Sifting Through the Ashes:

Analyzing Hellblazer, Part 61

Issue #73 “Damnation’s Flame: Broadway the Hard Way”

Writer: Garth Ennis;

Artist: Steve Dillon;

Colors: Tom Ziuko;

Letters: Gaspar Saladino;

Editor: Stuart Moore;
Assistant Editor: Julie Rottenberg;

Cover: Glenn Fabry;

Last we left John Constantine he had stumbled out of a bar hallucinating, sent “witch walking” by Papa Midnite as payback from a slight a decade past. Throughout the remainder of Damnation’s Flame, Constantine’s mind will experience the horrors of America through Midnite’s hex while back in the real world his body suffers in it’s own all too real way. Over the next three issues Ennis’ stark look at the disparity of America begins at the local level in the present day before spiralling out to the national level tying in American history of the 20th century before climaxing with observations of America’s position globally while hinting at things that may yet to come.

As Constantine’s last lucid location was is in New York City in 1993, it is only natural that Ennis cultural observation begins in The Big Apple. Constantine begins on foot wandering the warped concrete jungle before coming across an African-American man who speaks with the mannerisms of John Wayne, constantly referring to Constantine as “pilgrim.” Due to this mannerism I shall refer to him as Wayne.  As Ennis is a lover of Westerns, as can be seen by his series Preacher, and that pilgrim is defined as “a person who journeys to a sacred place for religious reasons” of which Constantine is tangentially doing even if he does not realize it, the moniker lends itself on multiple levels. On the way to Central Park where supposedly other people are living, the pair take refuge under an awning as it begins to snow. The “snow” is in fact crack-cocaine falling from the sky covering the streets of New York. An inexpensive free base form of cocaine, crack saw rampant use in the impoverished inner city neighborhoods, such as New York, from the middle 1980s to the early 1990s to the point in which the term “crack epidemic” was coined by the anti-drug rhetoric of the time to document the drug’s use. Some cite this as an example of moral panic as use of the and trafficking of the drug skyrocketed following the extensive media coverage.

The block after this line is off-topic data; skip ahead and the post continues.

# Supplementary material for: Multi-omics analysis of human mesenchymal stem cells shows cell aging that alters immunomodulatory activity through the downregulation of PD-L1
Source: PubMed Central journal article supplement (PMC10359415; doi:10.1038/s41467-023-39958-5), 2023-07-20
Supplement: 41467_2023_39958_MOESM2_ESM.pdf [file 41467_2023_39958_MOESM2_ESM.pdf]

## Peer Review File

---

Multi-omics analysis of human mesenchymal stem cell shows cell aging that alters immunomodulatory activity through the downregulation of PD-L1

Walking the “snowy” streets Constantine inquires of the safety of Central Park based on news he has heard. Constantine refers to “The Central Park Jogger Case” of 1989 when a 28 year old woman, Trisha Meili was assaulted, raped, and sodomized while jogging through the park. One of the most publicly discussed crimes at the time, Ennis would only need an offhand line about the dangers of the park and a jogger who was raped for the reader to understand what Constantine was alluding to. Wayne remarks how there is a woman named “Liberty” in the park who is a “ho” that everyone takes advantage of. This causes Constantine to questions whether this is an actual woman, or “liberty” in the abstract sense and is quite upset when the guide refuses to give him a straight answer. Wayne remarks that it is Lady Liberty, as liberty is “a ho word” and those with the power are making her, her being the word “liberty,” to do what they want her to, not in terms of sexual actions but how those in power will use words to justify actions and agendas. The most obvious use of this in the post-9/11 America is the use of the phrase “national security” a phrase one can not go a day without hearing (especially in an election year) that is thrown around carelessly to justify seemingly anything the utterer wants. It’s a twisted portrayal of “freedom of speech” in which language is able to be changed by those who wish it to change.